Highlights and analysis from the MTBPS

In his Mid-Term Budget Policy Statement, Finance Minister Enoch Godongwana emphasised that the mounting debt-service costs are a clear signal that the country must stabilise its public finance to redirect spending in favour of economic development. As such, there was no serious deviation from the country’s fiscal consolidation path. The Minister stated that “we have to rein in that kind of expenditure. It’s not sustainable.” An annexure to the MTBPS states that debt service costs that stood at R57 billion in the 2009/10 financial year increased to R365.8 billion in the 2024/25 financial year “crowding out expenditure on essential services such as health, social development and peace and security”.

Towing his predecessor’s line, he spoke of the need for economic growth but remained vague on plans to achieve this. Although the Minister’s tax plans will only be announced in February, tax revenues were better than projected in February with R120.3 billion more revenue from a mining commodities windfall and improved collections. Further, the gross domestic product (GDP) growth is forecast at 5.1% for 2021, settling at 1.8% in 2022 and 1.6% in 2023. The 2021 Budget deficit stands at 7.8%. Gross debt is 69.9% of GDP in 2021, or R4.31-trillion, growing to 77.8% of GDP in 2022.

Public sector wages remains a risk, specifically the recent public service wage agreement that breached the budget ceiling for compensation of employees by R20.5 billion. The fact that the Minister alluded to the possibility of shifting money from the Infrastructure Fund to cover the cost of honouring the public service wage agreement, is concerning.

Godongwana also highlighted the worsening of the financial positions of several state-owned companies as well as insufficient funds for the National Health Insurance (NHI). For the Energy sector specifically, the Minister acknowledged that government has spent more than a decade on fixing Eskom’s problems rather than creating additional electricity generation capacity. Godongwana mentioned the progress made by amending schedule 2 of the Electricity Regulation Act in particular, raising the threshold for private sector providers and making it possible for private power generators to sell directly to customers, which should alleviate the risk of load shedding. 

Government is also trying to reduce the country’s reliance on Eskom by diversifying primary energy resources. The outcome of the most recent round of the Renewable Energy Independent Power Producer (REIPP) programme demonstrates the positive gains from diversification. There are 25 projects that are part of the last round of Bid Window 5. These projects will generate more than 2 500 MW of power at a weighted average price of 47.3 cents per kilowatt hour. “This is the cheapest rate achieved in the history of the South African renewable energy programme and is among the lowest rates achieved globally.”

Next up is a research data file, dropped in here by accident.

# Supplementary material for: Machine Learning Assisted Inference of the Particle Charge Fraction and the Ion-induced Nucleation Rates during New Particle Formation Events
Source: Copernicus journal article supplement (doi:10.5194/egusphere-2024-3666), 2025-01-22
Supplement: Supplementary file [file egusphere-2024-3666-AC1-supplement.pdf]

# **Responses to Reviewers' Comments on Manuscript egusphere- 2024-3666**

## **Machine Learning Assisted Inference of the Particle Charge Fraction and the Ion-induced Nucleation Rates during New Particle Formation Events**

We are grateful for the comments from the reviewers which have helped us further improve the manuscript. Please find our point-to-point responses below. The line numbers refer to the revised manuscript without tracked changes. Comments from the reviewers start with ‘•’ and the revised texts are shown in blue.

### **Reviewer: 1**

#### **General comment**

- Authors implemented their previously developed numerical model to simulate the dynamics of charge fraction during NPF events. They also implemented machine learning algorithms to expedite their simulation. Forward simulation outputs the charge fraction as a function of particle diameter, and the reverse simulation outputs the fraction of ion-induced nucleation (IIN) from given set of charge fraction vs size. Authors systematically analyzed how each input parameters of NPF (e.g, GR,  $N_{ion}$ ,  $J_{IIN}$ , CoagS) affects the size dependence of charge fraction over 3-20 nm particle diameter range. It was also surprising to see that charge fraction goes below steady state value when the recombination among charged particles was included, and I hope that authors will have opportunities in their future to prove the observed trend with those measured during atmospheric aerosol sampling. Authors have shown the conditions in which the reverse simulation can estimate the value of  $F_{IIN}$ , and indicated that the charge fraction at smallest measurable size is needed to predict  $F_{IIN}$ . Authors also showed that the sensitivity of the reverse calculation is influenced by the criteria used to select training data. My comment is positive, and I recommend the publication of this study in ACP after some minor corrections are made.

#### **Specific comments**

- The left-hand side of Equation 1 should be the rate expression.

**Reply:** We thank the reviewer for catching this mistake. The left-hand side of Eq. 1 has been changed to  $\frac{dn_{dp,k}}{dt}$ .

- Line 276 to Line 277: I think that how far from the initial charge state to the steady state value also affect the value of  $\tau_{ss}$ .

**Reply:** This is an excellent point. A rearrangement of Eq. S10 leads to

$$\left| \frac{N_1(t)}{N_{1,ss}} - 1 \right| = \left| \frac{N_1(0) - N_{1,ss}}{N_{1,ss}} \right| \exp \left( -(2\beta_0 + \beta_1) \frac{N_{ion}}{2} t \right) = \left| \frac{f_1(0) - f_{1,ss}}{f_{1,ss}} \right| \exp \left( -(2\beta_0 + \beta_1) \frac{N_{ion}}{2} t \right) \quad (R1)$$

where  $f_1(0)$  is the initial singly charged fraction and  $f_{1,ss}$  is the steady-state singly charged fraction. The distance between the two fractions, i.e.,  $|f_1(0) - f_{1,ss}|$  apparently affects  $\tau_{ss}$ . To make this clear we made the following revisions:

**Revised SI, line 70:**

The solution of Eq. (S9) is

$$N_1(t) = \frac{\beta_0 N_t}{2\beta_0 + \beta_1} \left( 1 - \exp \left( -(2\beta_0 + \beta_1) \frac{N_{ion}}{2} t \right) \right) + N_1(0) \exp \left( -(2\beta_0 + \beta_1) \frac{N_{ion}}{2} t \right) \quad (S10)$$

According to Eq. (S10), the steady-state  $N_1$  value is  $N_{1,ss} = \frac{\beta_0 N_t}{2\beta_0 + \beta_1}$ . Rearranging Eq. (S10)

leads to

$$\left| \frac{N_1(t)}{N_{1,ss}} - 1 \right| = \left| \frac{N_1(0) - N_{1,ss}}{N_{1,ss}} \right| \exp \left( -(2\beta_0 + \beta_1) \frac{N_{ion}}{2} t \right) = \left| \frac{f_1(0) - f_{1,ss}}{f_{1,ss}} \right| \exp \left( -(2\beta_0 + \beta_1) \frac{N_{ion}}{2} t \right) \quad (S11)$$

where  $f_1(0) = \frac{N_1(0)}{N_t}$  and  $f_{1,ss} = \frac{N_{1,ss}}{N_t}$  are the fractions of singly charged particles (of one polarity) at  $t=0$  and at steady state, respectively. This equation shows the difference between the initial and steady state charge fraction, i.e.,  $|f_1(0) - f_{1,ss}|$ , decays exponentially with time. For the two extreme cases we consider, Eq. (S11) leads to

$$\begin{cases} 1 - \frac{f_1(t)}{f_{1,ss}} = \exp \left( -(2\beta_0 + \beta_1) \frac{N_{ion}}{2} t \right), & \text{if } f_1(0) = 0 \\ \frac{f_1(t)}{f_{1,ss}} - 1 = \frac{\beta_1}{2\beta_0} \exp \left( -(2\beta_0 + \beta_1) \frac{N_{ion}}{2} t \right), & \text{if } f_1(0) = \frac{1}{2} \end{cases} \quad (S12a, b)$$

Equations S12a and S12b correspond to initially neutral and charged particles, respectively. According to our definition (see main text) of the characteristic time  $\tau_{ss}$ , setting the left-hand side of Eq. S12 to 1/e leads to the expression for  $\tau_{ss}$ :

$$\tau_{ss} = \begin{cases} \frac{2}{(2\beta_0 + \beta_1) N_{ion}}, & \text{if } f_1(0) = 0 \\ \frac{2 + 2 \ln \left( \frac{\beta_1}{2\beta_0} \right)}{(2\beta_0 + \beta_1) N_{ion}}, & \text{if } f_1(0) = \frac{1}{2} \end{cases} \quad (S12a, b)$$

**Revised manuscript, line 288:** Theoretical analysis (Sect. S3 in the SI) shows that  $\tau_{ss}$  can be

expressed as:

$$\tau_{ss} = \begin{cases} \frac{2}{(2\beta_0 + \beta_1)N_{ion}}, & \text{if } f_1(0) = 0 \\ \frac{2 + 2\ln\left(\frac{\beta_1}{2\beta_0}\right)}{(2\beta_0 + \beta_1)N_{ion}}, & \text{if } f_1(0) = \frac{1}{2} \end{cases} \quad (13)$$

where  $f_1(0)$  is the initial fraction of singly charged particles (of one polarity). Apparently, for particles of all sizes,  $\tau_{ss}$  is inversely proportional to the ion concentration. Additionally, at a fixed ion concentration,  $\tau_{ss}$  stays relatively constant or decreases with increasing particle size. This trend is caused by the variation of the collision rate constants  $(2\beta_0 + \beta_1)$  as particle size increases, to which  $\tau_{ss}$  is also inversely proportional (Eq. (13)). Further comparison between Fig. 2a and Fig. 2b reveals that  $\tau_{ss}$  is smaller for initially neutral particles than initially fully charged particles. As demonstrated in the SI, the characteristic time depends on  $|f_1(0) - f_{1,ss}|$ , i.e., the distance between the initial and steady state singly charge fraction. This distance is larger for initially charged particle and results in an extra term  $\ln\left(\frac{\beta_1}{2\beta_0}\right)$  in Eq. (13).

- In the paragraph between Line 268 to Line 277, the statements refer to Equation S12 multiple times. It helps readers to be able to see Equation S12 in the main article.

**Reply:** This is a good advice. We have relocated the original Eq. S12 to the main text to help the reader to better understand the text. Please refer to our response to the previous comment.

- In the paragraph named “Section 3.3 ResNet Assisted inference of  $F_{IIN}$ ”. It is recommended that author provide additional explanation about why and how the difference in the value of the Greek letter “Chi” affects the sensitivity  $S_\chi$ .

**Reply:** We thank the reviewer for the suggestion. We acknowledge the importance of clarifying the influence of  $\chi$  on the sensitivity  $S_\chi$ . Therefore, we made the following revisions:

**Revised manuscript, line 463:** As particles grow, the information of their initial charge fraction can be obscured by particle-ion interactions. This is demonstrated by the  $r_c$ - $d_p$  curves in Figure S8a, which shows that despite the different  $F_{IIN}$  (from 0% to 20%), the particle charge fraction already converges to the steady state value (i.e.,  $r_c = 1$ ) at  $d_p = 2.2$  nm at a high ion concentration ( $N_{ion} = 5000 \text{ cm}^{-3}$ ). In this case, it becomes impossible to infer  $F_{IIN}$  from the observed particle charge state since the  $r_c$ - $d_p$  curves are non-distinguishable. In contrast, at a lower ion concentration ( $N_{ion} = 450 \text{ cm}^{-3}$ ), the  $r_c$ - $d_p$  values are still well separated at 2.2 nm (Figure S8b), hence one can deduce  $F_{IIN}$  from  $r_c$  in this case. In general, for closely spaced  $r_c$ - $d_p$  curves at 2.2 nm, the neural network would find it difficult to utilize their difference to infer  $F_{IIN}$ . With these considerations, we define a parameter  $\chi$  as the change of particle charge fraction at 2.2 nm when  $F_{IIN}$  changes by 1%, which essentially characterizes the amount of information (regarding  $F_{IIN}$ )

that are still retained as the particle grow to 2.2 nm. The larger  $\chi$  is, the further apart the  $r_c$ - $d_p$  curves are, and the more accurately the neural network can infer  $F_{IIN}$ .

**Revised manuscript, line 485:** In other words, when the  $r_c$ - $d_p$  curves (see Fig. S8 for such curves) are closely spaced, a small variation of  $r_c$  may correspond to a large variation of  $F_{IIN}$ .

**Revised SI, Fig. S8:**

Creating a competitive energy market is critical to support GDP growth as it will allow more beneficiation of South Africa’s mineral wealth. South Africa has committed to reduce GHG emissions and government announced in November that developed countries will mobilise the R131 billion in concessional and grant funding over the next three to five years to support South Africa’s transition away from coal and develop new sectors such as electric vehicles and green hydrogen. Eskom’s Just Energy Transition plan is also a notable part of the effort to de-carbonise the energy sector. The plan is currently being reviewed by government. A well-designed transition will enable South Africa to access additional international climate finance from entities such as the BRICS New Development Bank, the Green Climate Fund, Climate Investment Funds and other sources.

When it comes to Infrastructure, the MTBPS underscored the fact infrastructure spend will require participation from the private sector. The tightening of the fiscal purse strings means that although the public sector spent R3 trillion on infrastructure between 1998/99 and 2017/18, the private sector will have to come to the table for infrastructure spending. This is in line with government’s review in May of this year of the of the public-private partnership regulations. Government recommended eliminating delays in approval and implementation, standardising project preparation, building capacity at all levels of government, and simplifying regulations. The plan is set to be implemented in 2022.

A welcomed initiative is National Treasury’s invitation to participate in pre-budget consultation. Treasury announced in September that it is inviting members of the public to participate in pre-budget consultations. This is related to South Africa’s participation as one of the five pilot countries in the Fiscal Openness Accelerator (FOA) project launched in 2019 by the International Budget Partnership (IBP) and the Global Initiative for Fiscal Transparency (GIFT). The project’s overall objective is “to build the technical capacity of selected governments, enhance fiscal transparency and to support the implementation of a public participation pilot in the national budget cycle”.

MTBPS also allowed for the opportunity to review the Scope Budget 2021 – confirming government’s “fiscal strategy of returning the public finances to a sustainable position through ongoing restraint in expenditure growth and implementation of structural reforms to support economic growth.”